Galesburg Register-Mail from Galesburg, Illinois on April 27, 1973 · Page 4
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Galesburg Register-Mail from Galesburg, Illinois · Page 4

Galesburg, Illinois
Issue Date:
Friday, April 27, 1973
Page 4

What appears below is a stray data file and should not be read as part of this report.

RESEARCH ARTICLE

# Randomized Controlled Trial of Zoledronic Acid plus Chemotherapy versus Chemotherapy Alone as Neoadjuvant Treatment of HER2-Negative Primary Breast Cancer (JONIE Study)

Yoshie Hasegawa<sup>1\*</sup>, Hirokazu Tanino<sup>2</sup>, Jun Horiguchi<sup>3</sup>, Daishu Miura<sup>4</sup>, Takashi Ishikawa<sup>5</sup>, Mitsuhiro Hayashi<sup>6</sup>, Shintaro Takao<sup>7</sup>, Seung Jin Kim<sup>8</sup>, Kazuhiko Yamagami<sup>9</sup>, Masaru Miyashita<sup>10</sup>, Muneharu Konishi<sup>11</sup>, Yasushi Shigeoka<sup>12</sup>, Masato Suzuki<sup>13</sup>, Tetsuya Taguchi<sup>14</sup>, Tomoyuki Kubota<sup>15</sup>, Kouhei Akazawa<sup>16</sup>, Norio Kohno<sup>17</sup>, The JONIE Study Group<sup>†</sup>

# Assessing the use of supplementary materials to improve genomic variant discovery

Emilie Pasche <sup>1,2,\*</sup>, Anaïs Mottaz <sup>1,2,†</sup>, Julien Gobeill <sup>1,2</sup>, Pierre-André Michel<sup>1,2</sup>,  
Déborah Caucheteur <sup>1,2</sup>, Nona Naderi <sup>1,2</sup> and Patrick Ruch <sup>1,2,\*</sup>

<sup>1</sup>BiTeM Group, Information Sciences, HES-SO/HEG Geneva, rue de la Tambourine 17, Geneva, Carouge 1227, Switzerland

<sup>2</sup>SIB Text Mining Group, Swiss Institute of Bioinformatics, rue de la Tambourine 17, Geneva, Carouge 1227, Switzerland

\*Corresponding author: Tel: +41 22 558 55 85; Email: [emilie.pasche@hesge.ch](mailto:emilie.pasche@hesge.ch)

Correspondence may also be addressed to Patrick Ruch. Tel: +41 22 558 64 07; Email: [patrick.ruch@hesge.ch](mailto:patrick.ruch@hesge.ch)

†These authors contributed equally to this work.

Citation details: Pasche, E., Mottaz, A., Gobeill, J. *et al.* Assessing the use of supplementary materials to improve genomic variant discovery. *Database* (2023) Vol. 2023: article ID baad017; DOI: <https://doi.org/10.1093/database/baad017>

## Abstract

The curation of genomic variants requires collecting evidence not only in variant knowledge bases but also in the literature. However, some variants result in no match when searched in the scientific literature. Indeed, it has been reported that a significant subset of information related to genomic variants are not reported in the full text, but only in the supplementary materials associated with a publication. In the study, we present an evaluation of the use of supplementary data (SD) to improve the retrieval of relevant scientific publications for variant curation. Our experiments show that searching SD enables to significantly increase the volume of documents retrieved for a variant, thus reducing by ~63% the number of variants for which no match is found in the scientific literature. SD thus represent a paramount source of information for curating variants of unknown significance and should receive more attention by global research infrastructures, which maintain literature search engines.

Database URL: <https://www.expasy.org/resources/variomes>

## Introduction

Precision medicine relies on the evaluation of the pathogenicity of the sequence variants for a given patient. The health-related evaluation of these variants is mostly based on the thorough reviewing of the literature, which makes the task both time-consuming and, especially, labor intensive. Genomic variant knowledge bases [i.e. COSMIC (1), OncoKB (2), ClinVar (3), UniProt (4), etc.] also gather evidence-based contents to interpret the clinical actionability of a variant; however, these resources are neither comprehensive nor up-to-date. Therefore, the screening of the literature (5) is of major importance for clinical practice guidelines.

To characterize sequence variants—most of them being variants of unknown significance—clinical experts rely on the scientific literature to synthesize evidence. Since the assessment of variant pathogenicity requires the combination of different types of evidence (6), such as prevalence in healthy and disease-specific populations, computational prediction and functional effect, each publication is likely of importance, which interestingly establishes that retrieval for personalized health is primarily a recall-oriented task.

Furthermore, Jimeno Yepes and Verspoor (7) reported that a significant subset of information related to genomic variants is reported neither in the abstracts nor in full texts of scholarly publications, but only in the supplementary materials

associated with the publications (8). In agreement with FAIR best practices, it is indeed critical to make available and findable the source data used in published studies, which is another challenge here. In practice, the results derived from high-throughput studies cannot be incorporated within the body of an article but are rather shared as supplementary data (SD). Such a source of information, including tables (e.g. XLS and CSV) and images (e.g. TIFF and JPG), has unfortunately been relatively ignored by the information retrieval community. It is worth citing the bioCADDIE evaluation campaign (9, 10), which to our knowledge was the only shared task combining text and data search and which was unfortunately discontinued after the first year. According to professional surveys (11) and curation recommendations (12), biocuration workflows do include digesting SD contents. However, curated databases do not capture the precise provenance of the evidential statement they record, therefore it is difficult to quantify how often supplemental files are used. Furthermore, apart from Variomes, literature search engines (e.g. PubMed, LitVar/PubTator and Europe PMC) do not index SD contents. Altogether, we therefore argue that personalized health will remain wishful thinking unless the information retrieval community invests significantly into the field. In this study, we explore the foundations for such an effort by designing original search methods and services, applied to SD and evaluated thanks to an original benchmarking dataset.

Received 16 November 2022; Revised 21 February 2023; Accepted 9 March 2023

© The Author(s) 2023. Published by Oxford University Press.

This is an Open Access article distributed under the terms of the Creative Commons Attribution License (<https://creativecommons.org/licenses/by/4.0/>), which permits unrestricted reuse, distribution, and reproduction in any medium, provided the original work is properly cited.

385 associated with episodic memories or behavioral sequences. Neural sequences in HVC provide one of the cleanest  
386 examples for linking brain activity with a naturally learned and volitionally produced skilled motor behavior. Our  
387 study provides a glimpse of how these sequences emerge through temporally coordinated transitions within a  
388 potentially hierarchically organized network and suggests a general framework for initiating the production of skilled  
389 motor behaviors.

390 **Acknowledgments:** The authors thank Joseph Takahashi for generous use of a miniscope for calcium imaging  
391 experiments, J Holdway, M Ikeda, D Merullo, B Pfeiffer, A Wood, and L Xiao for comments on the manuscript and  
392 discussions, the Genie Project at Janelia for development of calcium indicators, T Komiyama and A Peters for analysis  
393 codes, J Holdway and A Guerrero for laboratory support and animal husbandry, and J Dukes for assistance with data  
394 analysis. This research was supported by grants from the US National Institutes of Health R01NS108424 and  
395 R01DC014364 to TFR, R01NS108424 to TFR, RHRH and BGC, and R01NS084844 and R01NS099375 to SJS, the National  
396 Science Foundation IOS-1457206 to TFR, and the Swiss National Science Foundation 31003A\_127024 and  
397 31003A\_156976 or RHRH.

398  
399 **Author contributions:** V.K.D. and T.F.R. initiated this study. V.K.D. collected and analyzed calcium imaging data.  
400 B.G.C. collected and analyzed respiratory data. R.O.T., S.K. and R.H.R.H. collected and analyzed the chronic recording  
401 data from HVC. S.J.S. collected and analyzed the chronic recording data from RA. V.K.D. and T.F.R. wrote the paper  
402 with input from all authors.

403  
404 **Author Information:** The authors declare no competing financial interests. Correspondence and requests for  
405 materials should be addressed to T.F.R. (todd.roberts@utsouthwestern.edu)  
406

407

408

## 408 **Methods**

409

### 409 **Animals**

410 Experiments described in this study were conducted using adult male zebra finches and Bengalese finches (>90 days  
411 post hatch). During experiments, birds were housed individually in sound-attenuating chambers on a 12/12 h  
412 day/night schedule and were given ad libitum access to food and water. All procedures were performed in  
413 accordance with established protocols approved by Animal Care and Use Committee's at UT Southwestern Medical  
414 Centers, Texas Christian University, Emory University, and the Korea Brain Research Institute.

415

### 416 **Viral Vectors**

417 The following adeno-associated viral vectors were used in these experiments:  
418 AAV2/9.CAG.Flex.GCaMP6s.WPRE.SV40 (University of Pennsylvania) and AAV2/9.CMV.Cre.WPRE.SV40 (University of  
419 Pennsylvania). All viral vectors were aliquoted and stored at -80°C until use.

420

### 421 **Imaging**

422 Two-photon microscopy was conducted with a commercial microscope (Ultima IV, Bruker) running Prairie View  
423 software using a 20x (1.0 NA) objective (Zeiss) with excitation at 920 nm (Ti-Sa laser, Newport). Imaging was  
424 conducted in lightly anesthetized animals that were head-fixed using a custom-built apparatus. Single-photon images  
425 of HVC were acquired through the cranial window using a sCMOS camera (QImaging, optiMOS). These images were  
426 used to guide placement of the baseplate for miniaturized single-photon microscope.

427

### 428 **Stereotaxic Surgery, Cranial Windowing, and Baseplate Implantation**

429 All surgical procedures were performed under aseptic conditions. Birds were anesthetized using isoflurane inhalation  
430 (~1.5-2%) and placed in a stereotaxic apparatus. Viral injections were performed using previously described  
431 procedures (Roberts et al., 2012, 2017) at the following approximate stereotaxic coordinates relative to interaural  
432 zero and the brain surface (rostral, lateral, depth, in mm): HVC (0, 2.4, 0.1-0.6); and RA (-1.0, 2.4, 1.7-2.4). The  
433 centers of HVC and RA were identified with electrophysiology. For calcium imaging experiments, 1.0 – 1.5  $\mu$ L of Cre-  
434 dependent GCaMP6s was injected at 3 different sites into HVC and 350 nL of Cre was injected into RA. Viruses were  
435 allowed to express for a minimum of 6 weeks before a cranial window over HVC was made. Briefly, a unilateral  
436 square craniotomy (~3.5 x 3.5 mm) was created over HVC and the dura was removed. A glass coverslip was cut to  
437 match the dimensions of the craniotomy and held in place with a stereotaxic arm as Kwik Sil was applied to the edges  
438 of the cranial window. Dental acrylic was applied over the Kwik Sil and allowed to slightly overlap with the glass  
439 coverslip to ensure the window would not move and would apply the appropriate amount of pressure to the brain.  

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4 Qolcabufti ReQistgf*Mdil GQltsbuffl, Fri./April 27, 1973 Plan to Sign Up for the Jousts? r I t t r f • Smale President Produces Sound No-Fault Legislation During the next few weeks, the IIV- nois General Assembly will be discussing an assortment of no-fault insurance billSt The new pieces of legislation are design* ed to meet the objections of the Illinois Supreme Court, which struck down the no- fauit p],an authored by the Ogilvie administration and adopted by the Assembly in 1971. One of the best plans introduced thus far is Senate Bill 416 sponsored by William R. Harris, a Pontiac Republican and president of the Senate. Adoption of the Harris proposal should give Illinois one 6^ the best plans devised thus far and put the state miles ahead of others not yet under the no- fault umbrella. Basically, no-fault auto insurance provides for the payment of auto accident claims by the drivers' own insurance company. The theory behind the concept is to cut down or eliminate nearly 99 per cent of the court suits over minor bodily injuries resulting from wrecks. It is these suits which tie up the court system, increase the cost of auto insurance and make some claims difficult to coVect. No-fault insurance, in theory, is popular among legislators. There islittle debate over whether it should be adopted. However, the controversy develops over which form of no- fault insurance is workable. The Harris proposal, we believe, is a realistic compromise package that is restricr tive enough to prevent the yearly onslaught of bodily injury suits, yet liberal enough to allow injured parties legal recourse in cases of serious injury or death and permit consumers to aiccfuire additional coverage if they desire it. Sen. Harris' bill calls for a mandatory no-fault insurance package that provides about $10,000 in benefits from the drivers' insurance company, and restricts bodily injury suits unless the accident results in death, serious injury or disability for more than 60 days. A common misconception is that no-fault insurance covers vehicular damage as well as bodily injury. It does not. Damage to vehic^s would still be covered under the standard insurance policy. Opponents of the Harris legislation, comprised primarily of some trial attorneys and associations representing th<^m, lurgue that the threshold under which legal action may not be taken is too high. The attorneys, some of whom make a comfortablei living taking insurance companies to court, sug* gest that no-fault can be successful even if the restrictions on suits are relaxed. That statement sounds contradictory since the who^ no-fault concept is geared to eliminating disputes over who is at fatllt or who pays what, but the lawyers have a point that should not be overlooked. Advocates of a high threshold suggest that 99 per cent of the bodily injury suits now plaguing our court system are precipitated by over-eager attorneys and accident victims with dollar signs In their eyes and whiplash on their lips. That is part of the picture, but not all of it. A no-fault insurance plan without a threshold now in affect in Delaware indicates that some of the court suits prior to the plan may have been prompted by insurance companies who simply dragged their feet when it came time to pay off an injured motorist insured hy another company. After 13 months under the Delaware plan there has been a substantial reduction in claims and less than a dozen minor law suits filed. We do not believe, however, that this one example is justification for accepting the trial lawyers' argument and opposing the Harris bill. Sen. Harris' legislation is sound, equitable and contains the necessary safeguards against self-serving bodily Injury court procedures. The Harris package does not provide a guarantee that any savings realized by insurance companies under the new plan wiU be redirected into reductions in insurance premiums by the industry, and some legislators are insisting oh amendments that would require such reductions. We would hope that there still exists a competitive spirit among insurance companies that would make mandatory premium reductions unnecessary. If it becomes clear, after no-fault has been in effect, that the insurers would rather hoard additional profits instead of passing them on to the consumers, then such guarantees may be necessary. Other Side of an Issue The Battle of Wounded Knee is still being fought, but hapiMly the weapons and anununition now are pen and ink. This is the last major battle (or massacre, if you will) between Indians and U.S. troops that took place at Wounded Knee, S.D., on Dec. 29, 1890 — not the current confrontation between militants oi the American Indian Movement (AIM) and U.S. marshals. Millions of Americans, who never heard of either the place or the battle before AIM splashed it onto the front pages, have learned that Wounded Knee was a frontier My Lai in which brutal American troops shot down some 200 defenseless Indian men, women and children. Or so they have been told. It was not quite that way, objects military historian Brig. Gen. S. L. A. Mar^all, in a new book on the Indian Wars, "Crimsoned Prairie." The Indians, believing themselves immune to the white man's bullets, began the fight with a treacherous suiprise attack on unsuspecting troopers of the 7th Cavalry, to whom the Indians had surrendered. Marshall condemns the slaughter of Indians that followed the initial attack, but notes that 29 of the soldiers lay dead and 33 wounded — a loss "too commonly disregarded or treated as msignificant by Americans bent on making of Wounded Knee something that it definitely was not." "Bury My Heart at Wounded Knee" is a lovely phrase he says, "tt is still a false and misleading sentiment, dignifying conspiracy and honoring treachery." In a review of Marshall's booJc, Dee Brown, author of "Bury My Heart at Wounded Knee," charges that Marshall "accepts without question" a version of the incident that malces the Army look good. Indian survivors had a different story. Yet the fact that more than 60 seasoned troopers were casualties suggests that the 7th Cavalry faced something more than helpless opponents. There were no Army casualties at My Lai. THE MAILBOX . . . Letters to the Editor Poor Participation Editor, Register-Mail: In the recent election in Galesburg, it was quite interesting to witness the number of eligible voters who cast ballots. Unfortunately, the figure was considerably under fifty per cent of those qualified to participate. Perhaps there is some consolation though — it could have been even less. It is also true that the voting statistics are only a little better on the state and national scenes. People in the United States, young and old alike, seem to be indifferent about par- ticipatiim in their government, no matter wh3t the level. While there are a small minority that could be defined as political activM», time who actually work in a cam- paipi, tbe majority either do not know what is going on, or at best, they only vote. It may tale a little time to find out who is runniiM; for what office and who may be the tmt qualified to bold that position, but when ym consUier the time spent on certain other activities — bowling, cards, fol­ lowing your favorite athletic teams, etc., it seems rather absurd that a person cannot budget a few minutes into their schedule to include knowledge about the people running the government for them. It should be noted that the Chicago Cubs do not raise your taxes, send your children to war, or a hundred other things; no, it is the man or woman that is holding an elective office that decides these things for, or possibly against your best interests. When you do not vote or vote out of ignorance, you are cheating yourself and future generations. Democracy can work for you, but you have to want it to work. The people In elective office should be responsible for doing the job they are elected to do; however, it does not end there. There is responsibility on the person in office, but there is also responsibility on the people that allowed him to win that prize, The Voter. Take an interest in your government — it is the only one that you have, don't lose it. — Steven M. Eiker, Galesburg. fNflEJL 'Gemstone' Inspires Magruder to Testify WASHINGTON - The story can now be told how one word, "Gemstone," slowly tightened the Watergate noose around the neck of Jeb Stuart Magruder until he decided to confess. Magruder has confirmed Watergate wiretapper JameS McCord's written statement, quoted to us on April 2, that the Watergate bugguig was planned in the Justice Depart. ment office of then-Attorney, v General John Mitchell in February 1972. Present were Mitchell, Magruder and White House counsel John Dean. They wer^ briefed on the bugguig plan by Watergate ruigleader G. Gordon Liddy who used huge, professionally prepared charts to illustrate how he would tap the telephones of Democratic party officials. MAGRUDER HAS also confirmed our reports of December 26, January 11 and January 15 that the Watergate defendants were offered money to plead guilty and keep their mouths shut. The attempt to buy their silence, Magruder has now said, was ordered by Mitchell and Dean. Throughout McCord's revelations, Magruder stuck to his sworn testimony at the Water- gat^ trial that he had no knowledge of the bugging. It was Liddy's secretary, Sally Harmony, who finally shook his story. Siie held back during her first appearance before the grand jury. But she went back this month and told all she knew. "Would you explain to the grand jury," she was asked, "why it was that on your prior appearances, you were less than candid with them?" "Well," she confessed, "I find it difficult to explain why I did what I did, or how it came about. I was absolutely petrified of all of you to begin with, -but I had no one to talk to, and I felt my loyalty was with Mr Liddy and the committee at that time, and I just - did it." In secret session, she told how she had typed up the telephone conversations of Democratic party official Spenqpr Oliver on secret stationery marked with the code word "Gemstone." "DO YOU REMEMBER," asked Assistant U.S. Attorney Earl Silbert, "whether or not there was ever any reference by any of the participants to conversatioris with anyone?" '^*r, "Yes," she answered; "There was One conversation dealing with the name of Terry Sanford (former Democratic governor of North Carolina)." Asked about the substance of the tapped telephone conversations, she recalled: "There was one conversation at one time, something that had to do with Mr. Oliver's taking a trip either to North Carolina or South Carolma — I have forgotten which.", Mrs. Harmony also testified that "I hjiveon occasions typed a couple of memos that have dome from (Sen. George) Mc, Govern's headquarters." "And what kind of memo," asked Silbert, "would you have typed that came from the headquarters of Senator McGovern?" "At one tune," she said, "(Liddy) dictated a memo to mc giving information that the workers in the McGovern campaign were very unhappy that their funds were low, they were not going to be paid, or their pay would be cut drastical- y . . . ." "Now, did you ever have anything to do with anything else from McGovern headquarters besides the memo relating to staff?" "Just the list of names," she replied. "I did get the list of names of persons working in McGovern headquarters, on one occasion." SHE REPORTED that wire­ tapper McCord had dropped off reports for Liddy and tliat she once took an empty brown manila envelope to the campaign treasurer and brought it Comment By Jack Anderson back filled for Watergate conspirator Howard Hunt. Liddy instructed her, she said, to "give it to Hugh Sloan (the campaign treasurer). He will give it back to you. Call Ho\yard Hunt and ask him to pick it up." "Did you do that?" asked Silbert. "I did that " "And where did you give it to Mr. Sloan?" "I took it to Hugh's office, which was right in the same area." "And," asked Silbert, "was it different in any way when you got it back?" "Yes," she testified. "It had something in it and it was sealed." "Do you know what was in it?" "I do not." "Was it the same size as money would have been?" "Yesi" she said; "I would assume it was the same size as money would have been." Thereafter; she handed th« em vclope to Hunt; ' ' But it was the code word, "Gemstone," that upset Magruder's iapplecart. His assistant, Robert Reisner, testified that he had been instructed by Magruder to remove all sensitive material from his office after the Watergate burglary- bugging team was arrested. One c1 the files that was removed, stated Reisner, was a blue folder marked "Gemstone."' This was evidence that Magruder had received the Wate^ gate bugging reports from Liddy; The handsome, cavalier Magruder, facing perjury charges for denying any advance knowledge of the bugging, decided to turn state's evidence. (Copywright, 1973, by United Features Syndicate, Inc.) Crossword Puzzle Woter ACROSS 65 Kind of light l&iuUbrook "SSSih (galesburg K^gfsfer-Mall OUiQt 140 SouU> Prairie Strtal Galesburg, UlinoU, 6M01 TBLEPHUNS NUMBER He«l«ter-Maa Exchang* 343-71«l Entered as Second Class Matter at the Post omc* at Galesburg, Illinois, under Act o{ Congress of March 3, 1879. Daily except Sundays and Holidays other than Washington's Birthday, Columbus Day and Veterans Day. Ethel Custer Prltchard, publisher; Charles Morrow, editor and general manager; Robert Harrison, managing editor: Michael Johnson, assistant to the editor; James O'Connor, assistant managing editor. National Advertising Representatives: Ward UrMntb Co., Ino., New York, Chicago, Detroit, Los Angele.'s, San Francisco, Atlanta, Mm- neapolis, Pittsburgh, Boston, Charlotte MEMBER AUDIT BUREAU OF CIRCULATION SUBSCRIPTION RATES By Carrier in City of Galesburg SOe a Wcelt By RFD maU in our retaU trading zone: 1 Year $lfi .00 3 MonUis IS 29 6 Months g 9.00 1 MonUt 12.00 No mail subscriptions accepted In towns where there is established newspaper boy delivery eervtce. By Carrier in retail trading tone outside City of Galesburg SOc a Week By maU outside retail trading zone in Illinois, Iowa and Missouri and by motor route in retail trading zone: 1 Year 122.00 3 Months MUO 6 Months $12.00 1 Month $2.80 By mail outside Illinois, Iowa and Missouri: 1 Year $26.00 3 Months $7.50 a Months $14.50 1 MonUi WiM • Sudden rlidi ofwkter 32 Medicinal lonn) MOhiotmm 15 Greek lettgrg 16 Abrupt ilexure (aaat) 17 Urge tub 18 Tightly stretched 20 Currents 22Bitt«rveteh S4 Steamer (ab.) 28Wat«rhaiN (eoU.) SSBoundaty (comb.nnB) MSevitt mountain 87 SM phenonanm MCoven il Odd numeral 12- lEcstatic 2F(i#iiniii« appellation 3 Meat cut 4R«duM 5Drpo9 6NounsuiSxtg 7T«ars 8 esUte (the press) 8 Indonesian island 10 Imported cheese UWorkawitb laca aawagnw haroin* aivtiid 2STinaidiiiiMt 26 Great Lake. 27 Verdi heroin* 28 Precipitation a0SmaUbodyo< 31 Window 8la« SSRawmatals as Mental inuft 38—thaBaa 40Idanti^ 49 Fabulous 48 baa* 47 Unman wHldil 48DQn*stia 62 Therefore SSFMpodtal ahJiahaT r II r r If r - MS««lB«tt«af iSWatMlaU S3 Iaundatt«8 STIbdst 58Eacirclad eoirisbrivar 61 Metal 82Woman'e nam* gallaiy. |Nfiir4lil 8MlM|li8 AIMI (